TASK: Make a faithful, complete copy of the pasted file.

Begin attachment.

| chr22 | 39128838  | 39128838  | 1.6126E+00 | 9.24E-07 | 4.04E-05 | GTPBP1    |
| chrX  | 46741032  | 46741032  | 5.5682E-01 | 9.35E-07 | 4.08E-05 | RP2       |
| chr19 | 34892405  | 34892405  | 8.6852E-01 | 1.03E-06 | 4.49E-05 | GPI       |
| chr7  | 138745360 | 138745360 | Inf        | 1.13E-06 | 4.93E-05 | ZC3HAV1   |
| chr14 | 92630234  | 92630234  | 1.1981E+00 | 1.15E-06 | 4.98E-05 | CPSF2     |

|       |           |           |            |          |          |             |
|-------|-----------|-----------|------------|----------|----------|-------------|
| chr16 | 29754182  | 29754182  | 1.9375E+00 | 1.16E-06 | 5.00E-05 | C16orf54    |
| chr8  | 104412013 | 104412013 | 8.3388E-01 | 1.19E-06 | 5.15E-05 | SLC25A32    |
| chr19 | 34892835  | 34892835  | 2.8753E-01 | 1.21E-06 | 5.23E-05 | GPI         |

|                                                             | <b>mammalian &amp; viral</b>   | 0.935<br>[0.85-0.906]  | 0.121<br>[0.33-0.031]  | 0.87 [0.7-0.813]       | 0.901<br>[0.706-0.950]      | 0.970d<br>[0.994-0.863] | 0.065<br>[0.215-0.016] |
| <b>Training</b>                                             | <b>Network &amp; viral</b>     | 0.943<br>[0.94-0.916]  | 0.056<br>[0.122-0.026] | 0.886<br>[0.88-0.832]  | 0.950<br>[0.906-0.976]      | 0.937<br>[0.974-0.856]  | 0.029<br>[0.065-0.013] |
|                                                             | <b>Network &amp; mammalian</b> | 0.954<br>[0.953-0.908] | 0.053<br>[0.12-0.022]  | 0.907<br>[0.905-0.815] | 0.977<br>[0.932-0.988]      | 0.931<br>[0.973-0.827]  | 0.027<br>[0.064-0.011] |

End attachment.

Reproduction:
| chr22 | 39128838  | 39128838  | 1.6126E+00 | 9.24E-07 | 4.04E-05 | GTPBP1    |
| chrX  | 46741032  | 46741032  | 5.5682E-01 | 9.35E-07 | 4.08E-05 | RP2       |
| chr19 | 34892405  | 34892405  | 8.6852E-01 | 1.03E-06 | 4.49E-05 | GPI       |
| chr7  | 138745360 | 138745360 | Inf        | 1.13E-06 | 4.93E-05 | ZC3HAV1   |
| chr14 | 92630234  | 92630234  | 1.1981E+00 | 1.15E-06 | 4.98E-05 | CPSF2     |

|       |           |           |            |          |          |             |
|-------|-----------|-----------|------------|----------|----------|-------------|
| chr16 | 29754182  | 29754182  | 1.9375E+00 | 1.16E-06 | 5.00E-05 | C16orf54    |
| chr8  | 104412013 | 104412013 | 8.3388E-01 | 1.19E-06 | 5.15E-05 | SLC25A32    |
| chr19 | 34892835  | 34892835  | 2.8753E-01 | 1.21E-06 | 5.23E-05 | GPI         |

|                                                             | <b>mammalian &amp; viral</b>   | 0.935<br>[0.85-0.906]  | 0.121<br>[0.33-0.031]  | 0.87 [0.7-0.813]       | 0.901<br>[0.706-0.950]      | 0.970d<br>[0.994-0.863] | 0.065<br>[0.215-0.016] |
| <b>Training</b>                                             | <b>Network &amp; viral</b>     | 0.943<br>[0.94-0.916]  | 0.056<br>[0.122-0.026] | 0.886<br>[0.88-0.832]  | 0.950<br>[0.906-0.976]      | 0.937<br>[0.974-0.856]  | 0.029<br>[0.065-0.013] |
|                                                             | <b>Network &amp; mammalian</b> | 0.954<br>[0.953-0.908] | 0.053<br>[0.12-0.022]  | 0.907<br>[0.905-0.815] | 0.977<br>[0.932-0.988]      | 0.931<br>[0.973-0.827]  | 0.027<br>[0.064-0.011] |